Second, the West — especially the United States — deserves criticism. We should not host another Worldcon in the U.S. in the foreseeable future. But criticism of the U.S. is a false dichotomy. We can criticize China hosting Worldcon while also acknowledging the hypocrisies of the United States government and the West. Chinese citizens deserve their own con, but it is inherently unjust to celebrate the achievements of the best and brightest in sports or writing against the backdrop of genocide. This genocide is not equivalent to current atrocities in other countries, not in terms of the scale (the sheer number of Uyghurs being detained and the speed at which it is happening), the severity (the specific types of atrocities happening in camps), and the fact that there is no effort on the part of China to acknowledge the abuses or to do better.
At the very least, in other countries there is recognition and internal political debate; for example, in the West, a considerable number of activist groups and officials are seeking to reduce racism and interventionism. China, on the other hand, flatly denies the Uyghur genocide is happening. I am not defending America or the West; I am pointing out that the situations are not parallel, although they are related. Muslims understand that Western Imperialism — especially the wars that have desecrated our countries inspired by the “war on terror” rhetoric fomented in the U.S. — has had a domino effect across the world, including in China. It is the same rhetoric used in part to detain the Uyghur population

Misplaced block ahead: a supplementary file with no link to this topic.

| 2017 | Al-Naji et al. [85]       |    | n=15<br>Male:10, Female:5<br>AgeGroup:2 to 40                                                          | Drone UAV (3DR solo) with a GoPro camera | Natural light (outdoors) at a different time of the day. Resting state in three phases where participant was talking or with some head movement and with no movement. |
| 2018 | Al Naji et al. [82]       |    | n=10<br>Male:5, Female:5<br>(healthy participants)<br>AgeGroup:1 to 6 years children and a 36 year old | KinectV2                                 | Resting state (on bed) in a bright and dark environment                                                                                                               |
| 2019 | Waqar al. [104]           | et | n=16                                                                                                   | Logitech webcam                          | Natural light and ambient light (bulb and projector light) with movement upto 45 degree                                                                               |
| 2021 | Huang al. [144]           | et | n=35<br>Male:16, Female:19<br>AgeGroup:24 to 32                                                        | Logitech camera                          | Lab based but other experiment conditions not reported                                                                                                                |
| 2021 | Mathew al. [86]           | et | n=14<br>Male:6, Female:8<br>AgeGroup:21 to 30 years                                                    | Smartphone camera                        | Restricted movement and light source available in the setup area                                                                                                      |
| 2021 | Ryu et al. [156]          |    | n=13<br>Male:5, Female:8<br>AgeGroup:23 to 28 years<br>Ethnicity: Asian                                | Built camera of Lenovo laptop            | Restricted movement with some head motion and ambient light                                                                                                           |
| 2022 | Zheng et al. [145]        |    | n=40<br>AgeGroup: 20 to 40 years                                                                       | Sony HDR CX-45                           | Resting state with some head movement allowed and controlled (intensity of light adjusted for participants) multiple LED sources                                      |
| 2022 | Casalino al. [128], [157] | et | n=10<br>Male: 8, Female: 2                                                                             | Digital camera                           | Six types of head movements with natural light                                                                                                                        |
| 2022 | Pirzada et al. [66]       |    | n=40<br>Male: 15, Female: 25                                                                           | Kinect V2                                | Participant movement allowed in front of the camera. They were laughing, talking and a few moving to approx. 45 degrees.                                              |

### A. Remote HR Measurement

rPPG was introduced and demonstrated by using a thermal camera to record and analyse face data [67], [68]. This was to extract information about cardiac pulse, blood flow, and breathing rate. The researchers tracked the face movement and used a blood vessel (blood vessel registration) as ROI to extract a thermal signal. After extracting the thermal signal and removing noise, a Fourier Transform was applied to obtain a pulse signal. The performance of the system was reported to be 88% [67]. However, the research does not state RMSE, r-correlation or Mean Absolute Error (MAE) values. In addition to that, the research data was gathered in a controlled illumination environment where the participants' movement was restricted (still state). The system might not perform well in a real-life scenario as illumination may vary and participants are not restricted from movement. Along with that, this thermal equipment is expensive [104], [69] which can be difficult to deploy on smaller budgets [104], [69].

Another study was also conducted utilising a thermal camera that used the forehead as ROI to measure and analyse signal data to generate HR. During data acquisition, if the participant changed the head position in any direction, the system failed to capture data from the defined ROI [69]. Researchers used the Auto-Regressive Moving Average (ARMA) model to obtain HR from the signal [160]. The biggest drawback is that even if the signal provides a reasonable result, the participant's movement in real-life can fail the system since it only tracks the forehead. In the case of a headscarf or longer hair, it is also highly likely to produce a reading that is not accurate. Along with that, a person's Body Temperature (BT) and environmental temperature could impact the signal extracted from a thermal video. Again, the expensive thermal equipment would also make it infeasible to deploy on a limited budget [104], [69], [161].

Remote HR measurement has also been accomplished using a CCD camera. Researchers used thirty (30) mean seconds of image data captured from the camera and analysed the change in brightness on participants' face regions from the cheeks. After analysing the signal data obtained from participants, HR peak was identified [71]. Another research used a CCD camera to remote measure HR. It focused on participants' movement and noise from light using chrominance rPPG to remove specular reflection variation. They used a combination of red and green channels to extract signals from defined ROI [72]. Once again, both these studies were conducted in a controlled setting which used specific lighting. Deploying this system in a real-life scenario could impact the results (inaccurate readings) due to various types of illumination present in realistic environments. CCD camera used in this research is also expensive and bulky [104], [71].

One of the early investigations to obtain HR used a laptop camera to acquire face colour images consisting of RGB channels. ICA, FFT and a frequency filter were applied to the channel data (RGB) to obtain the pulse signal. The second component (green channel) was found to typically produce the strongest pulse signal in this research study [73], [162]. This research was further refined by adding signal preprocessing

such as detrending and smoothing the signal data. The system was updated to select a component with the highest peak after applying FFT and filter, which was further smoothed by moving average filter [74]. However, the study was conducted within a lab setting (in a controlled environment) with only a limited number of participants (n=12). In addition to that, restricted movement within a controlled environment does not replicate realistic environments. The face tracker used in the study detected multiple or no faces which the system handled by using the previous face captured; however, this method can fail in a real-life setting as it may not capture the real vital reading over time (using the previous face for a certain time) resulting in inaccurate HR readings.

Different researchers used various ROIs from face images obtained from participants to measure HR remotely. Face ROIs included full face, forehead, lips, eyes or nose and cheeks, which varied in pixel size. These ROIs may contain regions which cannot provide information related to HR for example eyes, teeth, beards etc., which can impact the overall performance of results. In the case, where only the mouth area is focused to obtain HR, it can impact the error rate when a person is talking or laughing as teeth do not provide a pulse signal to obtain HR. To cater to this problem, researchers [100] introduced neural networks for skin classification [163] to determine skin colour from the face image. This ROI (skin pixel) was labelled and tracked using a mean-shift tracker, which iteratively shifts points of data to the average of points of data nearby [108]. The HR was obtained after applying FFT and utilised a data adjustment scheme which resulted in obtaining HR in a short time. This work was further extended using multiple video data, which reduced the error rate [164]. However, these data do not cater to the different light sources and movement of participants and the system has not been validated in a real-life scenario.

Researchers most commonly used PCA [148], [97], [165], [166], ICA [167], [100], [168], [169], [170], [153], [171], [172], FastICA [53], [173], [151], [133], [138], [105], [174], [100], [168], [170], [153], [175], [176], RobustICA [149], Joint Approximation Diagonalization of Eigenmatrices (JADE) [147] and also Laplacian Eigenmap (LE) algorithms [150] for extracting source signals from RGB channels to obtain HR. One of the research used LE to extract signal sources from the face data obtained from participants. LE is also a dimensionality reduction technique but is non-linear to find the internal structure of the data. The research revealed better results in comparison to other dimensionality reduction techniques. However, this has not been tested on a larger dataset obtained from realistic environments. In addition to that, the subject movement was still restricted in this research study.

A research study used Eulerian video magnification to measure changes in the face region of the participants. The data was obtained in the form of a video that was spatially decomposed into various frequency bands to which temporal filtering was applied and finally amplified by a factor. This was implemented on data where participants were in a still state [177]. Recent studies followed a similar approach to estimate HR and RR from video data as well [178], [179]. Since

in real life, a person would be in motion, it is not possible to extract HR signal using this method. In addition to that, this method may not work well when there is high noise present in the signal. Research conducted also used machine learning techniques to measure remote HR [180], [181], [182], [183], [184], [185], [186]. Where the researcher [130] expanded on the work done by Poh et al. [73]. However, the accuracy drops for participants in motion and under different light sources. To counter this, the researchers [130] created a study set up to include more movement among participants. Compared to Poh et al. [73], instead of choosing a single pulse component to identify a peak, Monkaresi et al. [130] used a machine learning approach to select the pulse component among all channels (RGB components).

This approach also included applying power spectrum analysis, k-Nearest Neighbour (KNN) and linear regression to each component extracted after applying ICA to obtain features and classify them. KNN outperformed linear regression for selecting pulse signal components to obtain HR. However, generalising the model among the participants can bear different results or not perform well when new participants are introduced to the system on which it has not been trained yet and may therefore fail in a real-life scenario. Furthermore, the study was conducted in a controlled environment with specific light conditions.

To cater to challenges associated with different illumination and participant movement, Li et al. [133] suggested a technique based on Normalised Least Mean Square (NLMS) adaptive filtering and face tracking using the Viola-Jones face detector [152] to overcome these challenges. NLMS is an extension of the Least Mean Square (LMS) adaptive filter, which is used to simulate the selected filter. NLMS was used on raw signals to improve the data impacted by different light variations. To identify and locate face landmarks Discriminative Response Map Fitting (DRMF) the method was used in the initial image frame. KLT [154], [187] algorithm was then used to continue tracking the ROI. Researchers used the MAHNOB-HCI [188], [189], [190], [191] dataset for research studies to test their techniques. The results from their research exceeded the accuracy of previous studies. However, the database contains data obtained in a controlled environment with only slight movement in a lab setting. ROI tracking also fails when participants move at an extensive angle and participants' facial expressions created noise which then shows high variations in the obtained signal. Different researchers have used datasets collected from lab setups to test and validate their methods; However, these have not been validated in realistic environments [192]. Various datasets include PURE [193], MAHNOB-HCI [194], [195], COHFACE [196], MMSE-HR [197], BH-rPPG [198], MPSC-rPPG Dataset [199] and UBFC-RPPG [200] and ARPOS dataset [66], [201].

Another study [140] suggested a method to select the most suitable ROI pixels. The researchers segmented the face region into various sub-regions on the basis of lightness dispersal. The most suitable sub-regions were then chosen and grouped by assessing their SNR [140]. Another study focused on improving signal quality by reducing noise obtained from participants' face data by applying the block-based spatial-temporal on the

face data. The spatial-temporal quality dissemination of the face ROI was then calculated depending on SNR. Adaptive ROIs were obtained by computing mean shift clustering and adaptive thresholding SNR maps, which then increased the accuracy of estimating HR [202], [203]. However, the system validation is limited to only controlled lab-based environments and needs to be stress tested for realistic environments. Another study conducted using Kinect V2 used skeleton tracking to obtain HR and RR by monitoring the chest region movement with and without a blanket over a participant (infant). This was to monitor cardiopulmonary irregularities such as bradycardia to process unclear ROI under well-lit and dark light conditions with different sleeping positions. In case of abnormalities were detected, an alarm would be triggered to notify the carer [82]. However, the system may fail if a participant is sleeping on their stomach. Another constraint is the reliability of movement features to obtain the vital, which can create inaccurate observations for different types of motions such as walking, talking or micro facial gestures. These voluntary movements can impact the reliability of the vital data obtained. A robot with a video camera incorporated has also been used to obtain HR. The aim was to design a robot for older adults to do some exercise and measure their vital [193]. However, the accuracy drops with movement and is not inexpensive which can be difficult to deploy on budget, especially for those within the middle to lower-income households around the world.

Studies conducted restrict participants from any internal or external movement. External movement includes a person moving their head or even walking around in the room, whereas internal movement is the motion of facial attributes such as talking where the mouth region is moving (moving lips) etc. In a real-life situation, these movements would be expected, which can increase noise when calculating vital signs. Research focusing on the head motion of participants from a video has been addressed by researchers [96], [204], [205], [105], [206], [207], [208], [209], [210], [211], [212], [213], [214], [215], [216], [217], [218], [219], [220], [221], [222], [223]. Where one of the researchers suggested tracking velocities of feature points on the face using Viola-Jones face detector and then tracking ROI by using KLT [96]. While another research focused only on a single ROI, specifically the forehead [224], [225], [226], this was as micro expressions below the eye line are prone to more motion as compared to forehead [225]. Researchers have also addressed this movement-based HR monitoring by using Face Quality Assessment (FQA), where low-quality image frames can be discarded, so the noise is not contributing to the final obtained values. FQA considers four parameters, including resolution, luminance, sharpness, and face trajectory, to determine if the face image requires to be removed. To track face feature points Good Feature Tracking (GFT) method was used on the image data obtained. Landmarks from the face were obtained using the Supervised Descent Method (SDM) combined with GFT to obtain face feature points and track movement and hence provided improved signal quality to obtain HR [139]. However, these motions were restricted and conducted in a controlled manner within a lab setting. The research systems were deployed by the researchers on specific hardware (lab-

Third, the common argument the Chinese state uses to deflect criticism about the Uyghur genocide is that “this is a war on terrorism.” This is familiar rhetoric. Many defenders of the Beijing Olympics and Worldcon 2023 argue that there are “two sides to this conflict,” or “this conflict is too complicated.” This is a smokescreen used by the Chinese government to muddle and convolute the conversation around this genocide. And the ones hurt most by this are Uyghurs and Muslims attempting to advocate for themselves.
Another smokescreen is the argument that this genocide is “fabricated” due to “Western bias,” “anti-Chinese racism”; imperialist actions, these critics point out, “happen elsewhere too.” Such arguments are effective deflection the PRC employs when it faces criticism.